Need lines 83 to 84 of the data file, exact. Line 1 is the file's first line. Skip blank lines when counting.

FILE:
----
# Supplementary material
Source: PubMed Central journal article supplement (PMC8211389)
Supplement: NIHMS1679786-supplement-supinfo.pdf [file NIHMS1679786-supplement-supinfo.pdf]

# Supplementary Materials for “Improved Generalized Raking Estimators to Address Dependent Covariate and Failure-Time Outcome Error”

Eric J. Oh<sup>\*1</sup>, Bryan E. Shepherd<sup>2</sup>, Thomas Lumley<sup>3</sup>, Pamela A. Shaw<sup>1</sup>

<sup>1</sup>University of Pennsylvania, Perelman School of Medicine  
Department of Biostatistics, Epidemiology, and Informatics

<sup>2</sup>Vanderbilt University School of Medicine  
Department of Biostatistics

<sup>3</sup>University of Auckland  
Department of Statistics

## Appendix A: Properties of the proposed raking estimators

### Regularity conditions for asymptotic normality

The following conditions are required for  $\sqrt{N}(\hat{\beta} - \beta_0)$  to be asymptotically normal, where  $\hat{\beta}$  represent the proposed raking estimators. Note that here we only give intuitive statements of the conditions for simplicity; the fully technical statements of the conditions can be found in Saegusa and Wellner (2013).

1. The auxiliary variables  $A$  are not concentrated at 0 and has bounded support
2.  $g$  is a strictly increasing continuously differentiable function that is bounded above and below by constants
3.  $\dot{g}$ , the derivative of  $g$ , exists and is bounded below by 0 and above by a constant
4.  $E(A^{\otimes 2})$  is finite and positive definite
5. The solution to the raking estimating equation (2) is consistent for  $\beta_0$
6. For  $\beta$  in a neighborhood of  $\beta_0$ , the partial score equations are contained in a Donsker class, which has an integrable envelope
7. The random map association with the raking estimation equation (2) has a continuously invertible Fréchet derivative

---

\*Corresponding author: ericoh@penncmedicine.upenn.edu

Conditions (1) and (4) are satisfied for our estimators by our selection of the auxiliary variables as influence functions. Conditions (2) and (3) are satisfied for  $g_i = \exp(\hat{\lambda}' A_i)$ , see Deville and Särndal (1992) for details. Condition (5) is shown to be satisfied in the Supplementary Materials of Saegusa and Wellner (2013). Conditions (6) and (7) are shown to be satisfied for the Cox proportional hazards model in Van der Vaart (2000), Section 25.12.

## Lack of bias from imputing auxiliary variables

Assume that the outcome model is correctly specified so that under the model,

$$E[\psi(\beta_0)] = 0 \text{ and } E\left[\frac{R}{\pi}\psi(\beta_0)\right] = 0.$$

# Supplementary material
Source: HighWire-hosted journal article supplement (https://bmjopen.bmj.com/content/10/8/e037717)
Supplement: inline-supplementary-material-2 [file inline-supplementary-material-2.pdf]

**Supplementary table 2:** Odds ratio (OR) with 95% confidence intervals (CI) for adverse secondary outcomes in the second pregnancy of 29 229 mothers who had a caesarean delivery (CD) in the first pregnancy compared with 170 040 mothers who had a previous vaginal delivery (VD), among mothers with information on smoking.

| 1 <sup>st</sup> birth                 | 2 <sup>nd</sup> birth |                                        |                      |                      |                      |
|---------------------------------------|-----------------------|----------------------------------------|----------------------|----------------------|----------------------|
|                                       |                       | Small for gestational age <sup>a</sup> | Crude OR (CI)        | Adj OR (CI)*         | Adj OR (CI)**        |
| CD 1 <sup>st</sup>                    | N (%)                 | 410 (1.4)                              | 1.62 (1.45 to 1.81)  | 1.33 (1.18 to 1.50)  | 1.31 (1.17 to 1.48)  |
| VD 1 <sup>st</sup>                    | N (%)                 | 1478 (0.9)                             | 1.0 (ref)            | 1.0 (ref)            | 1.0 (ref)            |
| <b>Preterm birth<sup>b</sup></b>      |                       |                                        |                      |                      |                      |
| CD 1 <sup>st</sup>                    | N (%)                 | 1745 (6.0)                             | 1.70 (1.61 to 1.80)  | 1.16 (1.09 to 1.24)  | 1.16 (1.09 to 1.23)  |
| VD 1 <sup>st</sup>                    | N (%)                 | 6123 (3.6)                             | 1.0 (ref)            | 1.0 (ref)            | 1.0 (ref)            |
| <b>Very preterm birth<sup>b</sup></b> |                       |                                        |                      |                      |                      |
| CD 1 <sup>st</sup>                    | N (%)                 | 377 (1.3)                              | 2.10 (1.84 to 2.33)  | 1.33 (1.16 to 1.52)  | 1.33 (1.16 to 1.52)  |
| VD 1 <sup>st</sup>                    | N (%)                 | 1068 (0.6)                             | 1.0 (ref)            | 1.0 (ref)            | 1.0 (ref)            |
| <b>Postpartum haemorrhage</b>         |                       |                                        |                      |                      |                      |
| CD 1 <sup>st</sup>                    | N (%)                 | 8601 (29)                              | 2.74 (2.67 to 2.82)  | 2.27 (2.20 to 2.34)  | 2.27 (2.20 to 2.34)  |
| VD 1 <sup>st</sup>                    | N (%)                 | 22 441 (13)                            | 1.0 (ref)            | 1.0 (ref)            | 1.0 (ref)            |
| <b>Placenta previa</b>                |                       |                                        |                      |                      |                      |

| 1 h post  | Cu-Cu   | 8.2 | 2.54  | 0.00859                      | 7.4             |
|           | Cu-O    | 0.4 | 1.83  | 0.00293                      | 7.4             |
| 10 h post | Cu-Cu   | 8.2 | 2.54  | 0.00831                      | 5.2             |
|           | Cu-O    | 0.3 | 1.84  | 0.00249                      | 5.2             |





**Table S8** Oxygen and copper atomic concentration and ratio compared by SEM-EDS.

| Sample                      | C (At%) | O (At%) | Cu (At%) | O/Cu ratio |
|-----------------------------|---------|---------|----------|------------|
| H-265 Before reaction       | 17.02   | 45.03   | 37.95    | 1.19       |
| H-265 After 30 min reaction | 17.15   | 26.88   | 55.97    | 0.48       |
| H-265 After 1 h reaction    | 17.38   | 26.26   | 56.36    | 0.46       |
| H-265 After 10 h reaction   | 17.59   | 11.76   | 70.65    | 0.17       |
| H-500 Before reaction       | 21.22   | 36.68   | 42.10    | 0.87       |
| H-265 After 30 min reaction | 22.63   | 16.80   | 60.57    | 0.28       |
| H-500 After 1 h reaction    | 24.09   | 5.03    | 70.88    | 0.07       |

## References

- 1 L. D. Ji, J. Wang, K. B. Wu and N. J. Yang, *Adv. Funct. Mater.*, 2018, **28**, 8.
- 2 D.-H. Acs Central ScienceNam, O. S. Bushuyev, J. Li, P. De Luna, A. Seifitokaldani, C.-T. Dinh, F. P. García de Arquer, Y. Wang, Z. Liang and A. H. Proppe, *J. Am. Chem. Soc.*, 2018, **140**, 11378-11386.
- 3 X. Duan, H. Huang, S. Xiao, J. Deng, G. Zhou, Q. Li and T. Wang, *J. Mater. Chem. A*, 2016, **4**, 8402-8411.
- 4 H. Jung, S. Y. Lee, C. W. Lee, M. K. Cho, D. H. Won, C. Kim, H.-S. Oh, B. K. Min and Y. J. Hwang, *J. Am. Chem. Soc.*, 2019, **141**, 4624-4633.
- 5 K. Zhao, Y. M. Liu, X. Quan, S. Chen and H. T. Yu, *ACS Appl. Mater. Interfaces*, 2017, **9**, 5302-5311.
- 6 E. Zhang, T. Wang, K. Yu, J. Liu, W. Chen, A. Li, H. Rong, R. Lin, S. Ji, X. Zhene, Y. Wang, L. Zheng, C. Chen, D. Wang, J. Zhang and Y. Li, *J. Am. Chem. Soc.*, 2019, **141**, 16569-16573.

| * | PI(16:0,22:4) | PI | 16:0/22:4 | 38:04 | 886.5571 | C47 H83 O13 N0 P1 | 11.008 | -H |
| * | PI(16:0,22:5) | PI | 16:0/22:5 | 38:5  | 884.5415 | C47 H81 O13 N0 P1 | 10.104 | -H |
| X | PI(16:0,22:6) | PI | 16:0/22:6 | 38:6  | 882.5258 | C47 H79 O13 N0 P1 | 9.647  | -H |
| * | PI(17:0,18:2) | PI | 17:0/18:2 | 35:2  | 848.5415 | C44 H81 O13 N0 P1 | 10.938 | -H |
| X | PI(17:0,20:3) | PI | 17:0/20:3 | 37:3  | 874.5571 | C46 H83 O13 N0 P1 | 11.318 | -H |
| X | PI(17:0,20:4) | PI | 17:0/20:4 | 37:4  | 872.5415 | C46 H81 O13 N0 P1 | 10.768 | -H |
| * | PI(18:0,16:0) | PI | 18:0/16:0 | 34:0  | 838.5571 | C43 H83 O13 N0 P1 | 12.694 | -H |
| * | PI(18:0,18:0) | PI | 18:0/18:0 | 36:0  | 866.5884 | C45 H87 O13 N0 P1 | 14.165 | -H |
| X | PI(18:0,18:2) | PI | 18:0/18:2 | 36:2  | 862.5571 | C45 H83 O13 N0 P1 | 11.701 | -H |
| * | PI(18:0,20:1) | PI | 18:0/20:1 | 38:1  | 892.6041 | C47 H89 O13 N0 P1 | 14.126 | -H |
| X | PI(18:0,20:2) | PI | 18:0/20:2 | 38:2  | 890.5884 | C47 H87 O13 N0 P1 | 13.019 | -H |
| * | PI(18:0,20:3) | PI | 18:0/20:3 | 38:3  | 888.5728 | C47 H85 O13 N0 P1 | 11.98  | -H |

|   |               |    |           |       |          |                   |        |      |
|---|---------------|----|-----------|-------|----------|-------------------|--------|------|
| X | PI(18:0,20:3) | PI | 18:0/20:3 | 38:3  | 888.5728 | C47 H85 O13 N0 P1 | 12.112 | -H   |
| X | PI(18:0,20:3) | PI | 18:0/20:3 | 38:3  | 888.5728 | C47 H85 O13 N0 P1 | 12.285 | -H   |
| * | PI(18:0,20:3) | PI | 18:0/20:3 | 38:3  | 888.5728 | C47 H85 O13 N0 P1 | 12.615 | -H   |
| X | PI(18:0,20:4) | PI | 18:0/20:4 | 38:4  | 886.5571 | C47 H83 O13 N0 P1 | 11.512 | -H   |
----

| X | PI(18:0,20:3) | PI | 18:0/20:3 | 38:3  | 888.5728 | C47 H85 O13 N0 P1 | 12.285 | -H   |
| * | PI(18:0,20:3) | PI | 18:0/20:3 | 38:3  | 888.5728 | C47 H85 O13 N0 P1 | 12.615 | -H   |